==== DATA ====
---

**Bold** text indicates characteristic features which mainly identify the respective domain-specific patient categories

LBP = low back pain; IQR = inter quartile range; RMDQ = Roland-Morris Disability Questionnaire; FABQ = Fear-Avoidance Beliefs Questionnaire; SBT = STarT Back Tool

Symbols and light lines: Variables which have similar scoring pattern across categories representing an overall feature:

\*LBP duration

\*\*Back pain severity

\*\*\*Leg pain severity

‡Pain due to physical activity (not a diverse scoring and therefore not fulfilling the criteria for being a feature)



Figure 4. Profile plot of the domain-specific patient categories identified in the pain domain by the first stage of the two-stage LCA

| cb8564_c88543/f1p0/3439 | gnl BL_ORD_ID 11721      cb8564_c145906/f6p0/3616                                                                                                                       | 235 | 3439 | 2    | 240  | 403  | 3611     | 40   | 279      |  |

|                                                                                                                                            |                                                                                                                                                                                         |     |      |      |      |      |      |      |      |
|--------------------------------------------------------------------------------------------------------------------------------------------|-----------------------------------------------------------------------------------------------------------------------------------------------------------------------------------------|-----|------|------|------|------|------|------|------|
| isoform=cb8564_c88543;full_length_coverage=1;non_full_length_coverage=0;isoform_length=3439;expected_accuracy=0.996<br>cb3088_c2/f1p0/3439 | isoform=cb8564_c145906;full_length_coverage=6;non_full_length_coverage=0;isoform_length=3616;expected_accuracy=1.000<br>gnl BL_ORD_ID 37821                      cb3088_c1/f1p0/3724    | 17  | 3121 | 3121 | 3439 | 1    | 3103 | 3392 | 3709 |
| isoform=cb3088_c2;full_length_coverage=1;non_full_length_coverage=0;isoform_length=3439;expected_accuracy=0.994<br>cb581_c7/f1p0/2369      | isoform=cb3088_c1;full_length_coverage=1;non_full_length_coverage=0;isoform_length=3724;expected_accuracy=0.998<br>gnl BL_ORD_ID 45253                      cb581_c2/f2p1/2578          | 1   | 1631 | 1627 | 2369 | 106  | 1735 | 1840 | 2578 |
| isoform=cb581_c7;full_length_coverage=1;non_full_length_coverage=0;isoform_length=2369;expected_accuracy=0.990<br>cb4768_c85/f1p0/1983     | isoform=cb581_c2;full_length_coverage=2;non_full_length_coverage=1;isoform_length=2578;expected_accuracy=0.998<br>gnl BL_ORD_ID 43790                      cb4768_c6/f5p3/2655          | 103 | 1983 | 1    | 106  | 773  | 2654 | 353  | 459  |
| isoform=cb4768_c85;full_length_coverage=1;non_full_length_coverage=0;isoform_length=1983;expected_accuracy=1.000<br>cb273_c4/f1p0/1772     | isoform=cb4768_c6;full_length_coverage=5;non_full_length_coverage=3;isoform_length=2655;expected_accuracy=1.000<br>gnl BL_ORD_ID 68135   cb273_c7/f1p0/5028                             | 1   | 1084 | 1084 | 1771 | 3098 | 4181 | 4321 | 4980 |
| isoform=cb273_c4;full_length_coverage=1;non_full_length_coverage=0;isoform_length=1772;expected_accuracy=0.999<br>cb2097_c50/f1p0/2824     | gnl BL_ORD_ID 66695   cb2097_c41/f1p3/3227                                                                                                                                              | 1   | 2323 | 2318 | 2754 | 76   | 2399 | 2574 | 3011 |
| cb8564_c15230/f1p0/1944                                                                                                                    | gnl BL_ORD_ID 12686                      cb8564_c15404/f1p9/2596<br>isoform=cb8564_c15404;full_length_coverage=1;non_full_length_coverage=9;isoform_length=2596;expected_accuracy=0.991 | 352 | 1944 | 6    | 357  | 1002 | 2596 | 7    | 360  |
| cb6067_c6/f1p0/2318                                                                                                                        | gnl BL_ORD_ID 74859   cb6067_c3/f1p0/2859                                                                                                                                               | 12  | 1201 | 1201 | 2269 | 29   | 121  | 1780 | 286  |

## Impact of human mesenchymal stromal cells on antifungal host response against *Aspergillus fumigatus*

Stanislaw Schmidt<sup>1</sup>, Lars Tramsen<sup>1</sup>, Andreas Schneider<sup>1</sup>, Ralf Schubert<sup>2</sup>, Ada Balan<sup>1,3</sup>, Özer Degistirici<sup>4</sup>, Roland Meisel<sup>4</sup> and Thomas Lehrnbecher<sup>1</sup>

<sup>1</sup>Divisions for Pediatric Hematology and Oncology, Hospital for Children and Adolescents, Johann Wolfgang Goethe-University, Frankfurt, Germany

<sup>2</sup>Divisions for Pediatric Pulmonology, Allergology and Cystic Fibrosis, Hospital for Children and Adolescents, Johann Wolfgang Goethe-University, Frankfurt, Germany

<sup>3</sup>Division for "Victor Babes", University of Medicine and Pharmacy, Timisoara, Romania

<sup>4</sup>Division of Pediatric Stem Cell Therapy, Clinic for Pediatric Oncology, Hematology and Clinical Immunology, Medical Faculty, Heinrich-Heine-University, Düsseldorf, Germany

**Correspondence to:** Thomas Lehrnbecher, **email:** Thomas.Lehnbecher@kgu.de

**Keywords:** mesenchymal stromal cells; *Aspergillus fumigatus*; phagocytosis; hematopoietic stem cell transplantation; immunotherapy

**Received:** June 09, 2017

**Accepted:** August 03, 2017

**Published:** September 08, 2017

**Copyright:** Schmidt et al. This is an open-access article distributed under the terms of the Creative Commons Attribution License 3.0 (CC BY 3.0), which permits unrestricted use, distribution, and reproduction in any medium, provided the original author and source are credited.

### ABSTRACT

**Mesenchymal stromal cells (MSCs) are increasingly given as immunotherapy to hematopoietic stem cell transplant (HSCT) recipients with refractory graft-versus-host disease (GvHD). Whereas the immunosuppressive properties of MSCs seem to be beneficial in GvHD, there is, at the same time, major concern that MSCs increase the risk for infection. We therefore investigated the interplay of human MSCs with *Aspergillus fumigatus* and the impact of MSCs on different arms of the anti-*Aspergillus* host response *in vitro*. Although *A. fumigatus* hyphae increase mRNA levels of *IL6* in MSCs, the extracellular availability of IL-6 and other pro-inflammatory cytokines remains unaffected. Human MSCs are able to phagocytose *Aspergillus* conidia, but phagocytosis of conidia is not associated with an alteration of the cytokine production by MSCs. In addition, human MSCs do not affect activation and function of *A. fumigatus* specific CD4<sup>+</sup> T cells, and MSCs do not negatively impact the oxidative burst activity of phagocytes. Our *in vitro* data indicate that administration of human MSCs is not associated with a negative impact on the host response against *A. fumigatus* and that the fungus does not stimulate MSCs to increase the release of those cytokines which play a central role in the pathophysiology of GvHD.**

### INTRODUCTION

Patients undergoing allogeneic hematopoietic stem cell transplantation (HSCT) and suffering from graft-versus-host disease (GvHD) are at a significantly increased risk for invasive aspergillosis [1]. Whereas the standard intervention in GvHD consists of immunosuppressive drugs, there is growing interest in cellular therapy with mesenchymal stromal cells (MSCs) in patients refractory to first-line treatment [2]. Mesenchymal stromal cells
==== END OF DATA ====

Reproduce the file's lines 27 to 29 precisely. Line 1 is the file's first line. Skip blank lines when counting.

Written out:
**Keywords:** mesenchymal stromal cells; *Aspergillus fumigatus*; phagocytosis; hematopoietic stem cell transplantation; immunotherapy

**Received:** June 09, 2017

**Accepted:** August 03, 2017